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DoD Reforms May Lack Glamor, But Not Importance

By Jim Garamone
American Forces Press Service

WASHINGTON, Feb. 15, 2000, Feb. 16, 2000 – While the DoD budget request has finally hit the $60 billion acquisition mark, how the money would be spent is as important as how much is spent.

DoD cannot afford to do business the old way, said Stan Soloway, deputy undersecretary of defense for acquisition reform. The acquisition community must mirror the changes happening to combat forces. Like them, the acquisition community must be lean, nimble and able to capitalize on emerging technologies.

Soloway is also the director of the department's Defense Reform Initiative effort. He is quick to say the two efforts have not merged.

The Defense Reform Initiative office has a small staff, but it is separate from acquisition reform, he said. This allows us to cross-pollinate a bit to leverage off the skills of each other, because acquisition and logistics reforms are a huge piece of the DRI.

Neither the Defense Reform Initiative nor acquisition reform has been in the news much, but this does not mean they are unimportant. The chore of implementing or institutionalizing this stuff is neither sexy nor always visible, Soloway said. Our goal is to actually make this stick, to make these changes real.

The DRI made news when Defense Secretary William S. Cohen announced it, but DoD officials today are not making new announcements. Instead, acquisition personnel are working on the methods, procedures and processes they need to make reforms work.

When acquisition reform started and the DRI came out, one thing the DoD leadership did not want to have is another fancy little report that went on the shelf, Soloway said. Thats why we are so focused on long-term performance measures.

Some of the major acquisition reforms officials are examining include paperless contracting, reinventing the travel card system, increasing use of the government purchase card, organizational streamlining, public/private competitions and transforming logistics.

Making change happen is the charter. Acquisition reform is focusing on working with and tracking the progress of the components responsible for the major defense directives.

We are continually updating our information and data, Soloway said. The components responsible for the major directives have a monthly routine review -- its often with me, but also with Deputy Defense Secretary John Hamre. This office is the front offices eyes and ears on the progress in the directives.

The DRI and acquisition reform are looking to ensure the department uses the right kind of performance measures and metrics for the directives, he said. You can take an organizational directive and say, You will reduce the Office of the Secretary of Defense by 1,000 people and when its done, its done, Soloway said. But there are other directives not as clear cut. He pointed to directives dealing with logistic reform.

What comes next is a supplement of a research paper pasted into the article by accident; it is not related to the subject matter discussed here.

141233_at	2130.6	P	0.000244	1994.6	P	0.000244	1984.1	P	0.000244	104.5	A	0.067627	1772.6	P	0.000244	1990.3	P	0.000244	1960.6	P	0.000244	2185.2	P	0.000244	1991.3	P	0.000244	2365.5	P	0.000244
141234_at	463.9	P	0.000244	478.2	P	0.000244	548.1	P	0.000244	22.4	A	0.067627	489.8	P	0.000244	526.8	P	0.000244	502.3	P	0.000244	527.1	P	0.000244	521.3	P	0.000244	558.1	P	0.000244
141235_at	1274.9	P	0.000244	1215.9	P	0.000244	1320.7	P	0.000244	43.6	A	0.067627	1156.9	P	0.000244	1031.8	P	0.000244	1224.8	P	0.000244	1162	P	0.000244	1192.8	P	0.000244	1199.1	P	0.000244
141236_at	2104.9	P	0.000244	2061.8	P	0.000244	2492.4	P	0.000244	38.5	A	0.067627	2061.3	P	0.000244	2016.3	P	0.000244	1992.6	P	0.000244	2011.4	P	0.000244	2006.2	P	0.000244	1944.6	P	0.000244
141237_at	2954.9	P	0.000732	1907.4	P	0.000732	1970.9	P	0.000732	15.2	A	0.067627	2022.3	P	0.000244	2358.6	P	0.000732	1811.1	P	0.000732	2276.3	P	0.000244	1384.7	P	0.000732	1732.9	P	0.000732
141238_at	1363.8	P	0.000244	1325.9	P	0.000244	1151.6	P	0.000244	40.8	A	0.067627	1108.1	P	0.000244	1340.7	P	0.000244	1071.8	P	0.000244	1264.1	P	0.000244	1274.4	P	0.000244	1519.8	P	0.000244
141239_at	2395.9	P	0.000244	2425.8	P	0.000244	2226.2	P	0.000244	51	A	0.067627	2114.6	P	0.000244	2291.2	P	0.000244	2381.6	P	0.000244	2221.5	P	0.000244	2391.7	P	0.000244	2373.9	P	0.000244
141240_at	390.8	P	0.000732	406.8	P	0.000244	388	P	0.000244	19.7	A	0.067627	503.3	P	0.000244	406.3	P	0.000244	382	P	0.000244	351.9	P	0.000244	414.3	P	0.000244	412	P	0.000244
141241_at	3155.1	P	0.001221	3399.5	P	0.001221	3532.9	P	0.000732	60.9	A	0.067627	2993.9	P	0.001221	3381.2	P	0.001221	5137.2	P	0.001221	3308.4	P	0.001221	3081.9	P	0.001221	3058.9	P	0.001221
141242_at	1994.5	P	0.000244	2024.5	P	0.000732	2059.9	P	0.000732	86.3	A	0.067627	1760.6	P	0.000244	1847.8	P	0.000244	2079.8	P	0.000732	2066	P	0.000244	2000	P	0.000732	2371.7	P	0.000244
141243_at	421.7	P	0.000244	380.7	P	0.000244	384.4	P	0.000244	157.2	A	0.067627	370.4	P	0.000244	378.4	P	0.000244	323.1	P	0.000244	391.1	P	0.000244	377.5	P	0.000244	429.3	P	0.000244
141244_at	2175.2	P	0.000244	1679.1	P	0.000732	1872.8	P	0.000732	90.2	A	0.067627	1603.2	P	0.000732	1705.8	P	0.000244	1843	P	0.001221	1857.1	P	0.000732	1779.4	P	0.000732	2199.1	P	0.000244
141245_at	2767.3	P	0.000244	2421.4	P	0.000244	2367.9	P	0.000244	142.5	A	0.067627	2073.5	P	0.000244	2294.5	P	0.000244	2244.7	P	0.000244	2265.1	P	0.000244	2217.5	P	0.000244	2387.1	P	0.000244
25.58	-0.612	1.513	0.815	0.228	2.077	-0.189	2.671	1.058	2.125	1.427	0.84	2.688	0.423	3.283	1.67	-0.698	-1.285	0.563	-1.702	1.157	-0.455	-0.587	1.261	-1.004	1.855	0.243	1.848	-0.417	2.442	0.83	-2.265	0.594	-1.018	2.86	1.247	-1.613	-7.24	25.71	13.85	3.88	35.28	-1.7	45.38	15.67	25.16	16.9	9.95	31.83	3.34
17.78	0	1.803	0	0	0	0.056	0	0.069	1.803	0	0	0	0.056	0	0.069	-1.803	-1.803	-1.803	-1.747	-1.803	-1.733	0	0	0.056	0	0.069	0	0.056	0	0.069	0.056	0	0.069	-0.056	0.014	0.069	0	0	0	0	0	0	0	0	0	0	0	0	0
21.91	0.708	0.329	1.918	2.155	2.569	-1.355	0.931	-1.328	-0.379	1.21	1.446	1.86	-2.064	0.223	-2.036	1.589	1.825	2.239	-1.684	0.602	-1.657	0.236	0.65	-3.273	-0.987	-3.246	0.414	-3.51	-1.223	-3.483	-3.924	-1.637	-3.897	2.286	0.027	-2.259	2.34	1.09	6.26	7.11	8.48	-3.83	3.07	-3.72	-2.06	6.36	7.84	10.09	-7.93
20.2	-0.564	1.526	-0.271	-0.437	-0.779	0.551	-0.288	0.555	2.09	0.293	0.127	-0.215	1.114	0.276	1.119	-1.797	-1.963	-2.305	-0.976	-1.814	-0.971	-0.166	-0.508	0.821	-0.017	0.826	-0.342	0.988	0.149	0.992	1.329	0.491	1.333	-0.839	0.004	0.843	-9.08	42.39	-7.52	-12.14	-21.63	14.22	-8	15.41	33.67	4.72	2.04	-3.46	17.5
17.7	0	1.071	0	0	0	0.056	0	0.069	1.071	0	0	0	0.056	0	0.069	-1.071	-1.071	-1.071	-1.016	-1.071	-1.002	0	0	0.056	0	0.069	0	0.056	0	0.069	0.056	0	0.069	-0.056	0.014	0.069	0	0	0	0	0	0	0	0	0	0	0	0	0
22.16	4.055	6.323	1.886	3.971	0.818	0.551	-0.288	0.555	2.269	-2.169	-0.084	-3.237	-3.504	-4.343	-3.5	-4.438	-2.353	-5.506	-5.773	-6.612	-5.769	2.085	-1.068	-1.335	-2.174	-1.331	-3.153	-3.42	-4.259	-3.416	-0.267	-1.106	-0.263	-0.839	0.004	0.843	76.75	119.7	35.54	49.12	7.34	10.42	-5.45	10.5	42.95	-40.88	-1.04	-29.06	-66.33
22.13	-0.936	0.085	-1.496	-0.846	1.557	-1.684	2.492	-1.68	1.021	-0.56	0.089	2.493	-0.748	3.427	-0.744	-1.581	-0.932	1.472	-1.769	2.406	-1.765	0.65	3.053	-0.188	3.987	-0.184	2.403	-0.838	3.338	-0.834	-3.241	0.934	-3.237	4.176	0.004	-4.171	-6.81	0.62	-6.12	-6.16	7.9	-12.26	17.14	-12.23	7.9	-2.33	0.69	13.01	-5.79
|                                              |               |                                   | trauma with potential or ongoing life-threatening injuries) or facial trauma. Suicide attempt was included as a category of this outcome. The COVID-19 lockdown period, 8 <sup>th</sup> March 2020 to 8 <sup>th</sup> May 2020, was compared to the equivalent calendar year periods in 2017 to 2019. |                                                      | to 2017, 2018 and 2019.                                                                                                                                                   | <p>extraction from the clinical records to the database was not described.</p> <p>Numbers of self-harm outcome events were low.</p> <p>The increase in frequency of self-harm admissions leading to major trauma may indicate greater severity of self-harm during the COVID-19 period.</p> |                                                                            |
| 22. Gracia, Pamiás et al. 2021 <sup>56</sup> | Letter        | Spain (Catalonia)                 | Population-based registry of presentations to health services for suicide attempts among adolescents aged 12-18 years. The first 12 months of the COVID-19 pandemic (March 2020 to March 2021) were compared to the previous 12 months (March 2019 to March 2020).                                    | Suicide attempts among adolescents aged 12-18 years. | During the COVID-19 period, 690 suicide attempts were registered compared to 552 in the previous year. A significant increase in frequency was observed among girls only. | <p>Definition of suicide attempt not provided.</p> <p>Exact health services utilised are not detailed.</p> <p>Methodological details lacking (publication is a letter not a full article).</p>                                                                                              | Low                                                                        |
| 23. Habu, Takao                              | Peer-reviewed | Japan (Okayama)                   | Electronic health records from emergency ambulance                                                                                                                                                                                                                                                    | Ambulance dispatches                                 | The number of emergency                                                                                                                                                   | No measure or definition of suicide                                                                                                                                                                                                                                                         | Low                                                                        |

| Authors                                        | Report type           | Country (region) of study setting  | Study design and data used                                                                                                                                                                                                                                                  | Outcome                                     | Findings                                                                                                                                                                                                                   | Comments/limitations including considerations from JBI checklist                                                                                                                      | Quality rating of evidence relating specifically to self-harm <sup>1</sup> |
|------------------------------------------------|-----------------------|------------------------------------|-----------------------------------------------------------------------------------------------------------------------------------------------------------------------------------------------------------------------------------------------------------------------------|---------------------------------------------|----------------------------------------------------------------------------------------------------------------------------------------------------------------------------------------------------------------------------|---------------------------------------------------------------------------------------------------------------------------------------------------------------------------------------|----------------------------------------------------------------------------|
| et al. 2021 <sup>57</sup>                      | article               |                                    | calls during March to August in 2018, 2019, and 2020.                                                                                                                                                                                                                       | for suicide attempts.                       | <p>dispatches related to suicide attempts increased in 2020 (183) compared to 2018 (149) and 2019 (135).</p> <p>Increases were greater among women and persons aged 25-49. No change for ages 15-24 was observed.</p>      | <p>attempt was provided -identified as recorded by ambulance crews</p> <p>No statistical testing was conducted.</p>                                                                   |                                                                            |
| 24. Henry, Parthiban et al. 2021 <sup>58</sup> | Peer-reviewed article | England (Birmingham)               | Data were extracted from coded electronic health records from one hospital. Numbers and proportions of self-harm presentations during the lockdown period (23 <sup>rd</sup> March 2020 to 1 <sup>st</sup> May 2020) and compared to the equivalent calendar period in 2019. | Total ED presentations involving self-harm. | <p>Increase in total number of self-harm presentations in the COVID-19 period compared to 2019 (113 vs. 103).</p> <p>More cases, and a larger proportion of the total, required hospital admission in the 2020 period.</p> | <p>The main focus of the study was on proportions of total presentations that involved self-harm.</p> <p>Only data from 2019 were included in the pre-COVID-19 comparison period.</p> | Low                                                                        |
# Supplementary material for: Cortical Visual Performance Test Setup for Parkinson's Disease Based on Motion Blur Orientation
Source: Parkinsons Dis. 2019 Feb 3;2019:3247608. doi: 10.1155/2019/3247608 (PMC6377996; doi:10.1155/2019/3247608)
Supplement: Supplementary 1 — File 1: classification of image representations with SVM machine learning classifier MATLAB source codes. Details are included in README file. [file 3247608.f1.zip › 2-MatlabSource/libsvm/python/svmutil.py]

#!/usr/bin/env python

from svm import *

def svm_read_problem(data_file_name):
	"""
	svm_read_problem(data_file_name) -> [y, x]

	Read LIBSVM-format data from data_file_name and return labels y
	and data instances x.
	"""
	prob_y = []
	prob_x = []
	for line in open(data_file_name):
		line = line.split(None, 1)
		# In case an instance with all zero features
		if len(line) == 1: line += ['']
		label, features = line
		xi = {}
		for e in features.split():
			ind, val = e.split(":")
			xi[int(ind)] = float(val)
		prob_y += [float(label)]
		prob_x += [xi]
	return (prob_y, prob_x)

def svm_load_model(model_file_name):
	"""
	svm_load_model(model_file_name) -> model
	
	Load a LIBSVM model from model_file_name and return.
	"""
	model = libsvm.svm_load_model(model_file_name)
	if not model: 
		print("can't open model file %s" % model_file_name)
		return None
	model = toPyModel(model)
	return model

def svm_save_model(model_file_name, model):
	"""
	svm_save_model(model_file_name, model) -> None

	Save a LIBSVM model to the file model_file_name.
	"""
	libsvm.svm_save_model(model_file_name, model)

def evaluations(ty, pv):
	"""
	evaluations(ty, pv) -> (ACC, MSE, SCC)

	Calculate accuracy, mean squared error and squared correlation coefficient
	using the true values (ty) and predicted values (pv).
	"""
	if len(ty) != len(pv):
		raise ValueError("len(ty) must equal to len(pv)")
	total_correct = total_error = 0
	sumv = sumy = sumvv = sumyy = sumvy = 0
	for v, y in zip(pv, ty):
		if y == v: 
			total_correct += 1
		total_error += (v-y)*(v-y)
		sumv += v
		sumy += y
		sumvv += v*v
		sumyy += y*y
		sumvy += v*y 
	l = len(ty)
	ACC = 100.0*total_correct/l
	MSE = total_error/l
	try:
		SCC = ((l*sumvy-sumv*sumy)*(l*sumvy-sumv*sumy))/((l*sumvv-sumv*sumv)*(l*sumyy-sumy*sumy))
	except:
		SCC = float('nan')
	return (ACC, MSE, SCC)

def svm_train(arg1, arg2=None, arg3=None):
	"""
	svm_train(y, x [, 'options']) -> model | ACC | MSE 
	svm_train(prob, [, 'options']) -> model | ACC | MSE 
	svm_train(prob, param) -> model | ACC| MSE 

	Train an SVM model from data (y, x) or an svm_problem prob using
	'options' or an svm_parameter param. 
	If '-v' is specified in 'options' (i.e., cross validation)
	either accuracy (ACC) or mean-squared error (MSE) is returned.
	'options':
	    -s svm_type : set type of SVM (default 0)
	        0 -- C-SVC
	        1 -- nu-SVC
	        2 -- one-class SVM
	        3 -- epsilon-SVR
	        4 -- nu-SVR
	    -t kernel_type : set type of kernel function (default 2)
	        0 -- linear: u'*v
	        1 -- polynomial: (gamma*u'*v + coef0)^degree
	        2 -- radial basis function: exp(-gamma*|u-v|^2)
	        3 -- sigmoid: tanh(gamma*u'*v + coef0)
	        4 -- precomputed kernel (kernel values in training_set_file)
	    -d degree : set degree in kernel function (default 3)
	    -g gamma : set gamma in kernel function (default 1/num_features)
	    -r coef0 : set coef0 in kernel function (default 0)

Weve always assumed the logistics response time is the correct measurement and by reducing the response time we would be fulfilling the directive, he said. Now, logistics teams and experts are working on a strategic plan and what emerges from their studies is that the real metric is something called customer wait time-- how long it takes for the customer to receive the part.

Another area receiving a lot of attention is electronic commerce. If were really going to move into this e- business world, there are a number of issues we need to get our arms around, Soloway said. The best way to do this is to talk to the industries.

He said DoD hosted a meeting in May 1999 split evenly between government and industry to try to identify key issues in electronic commerce such as common processes, common standards and information assurance. From that meeting grew four working groups operating under the joint sponsorship of Soloway's office and the assistant secretary of defense for command, control, communications and intelligence.

These groups come in every six weeks and meet and tell us where they are going, he said. These groups ultimately are expected to recommend ways for DoD to facilitate e- business.

DoD must learn to deal with the challenges of information technology, Soloway said. Information technology in business processes is really driving the changes in the industry today, he said. Were not just talking e-mail or an electronic mall. Were talking about fully integrated enterprises, to the point where a chief executive officer at some of these companies could press a button and see virtually every piece of information he wants -- sales, human resources, energy, performance, you name it.

Developing this type of capability is a massive undertaking, and DoD is taking lessons from industry. We organized a group of 15 very senior folks from various commands and activities, and I took them to Federal Express, Soloway said. We spent a day with their top technology and management people just talking about this. We went to hear about what they went through from a customer perspective -- what are the keys, what were their acquisition strategies, what pitfalls they encountered.

We need to study what industry offers. We need to learn from them, and in some cases, partner with them, Soloway said. Then we need to share that information and make it second nature for people to embrace change.

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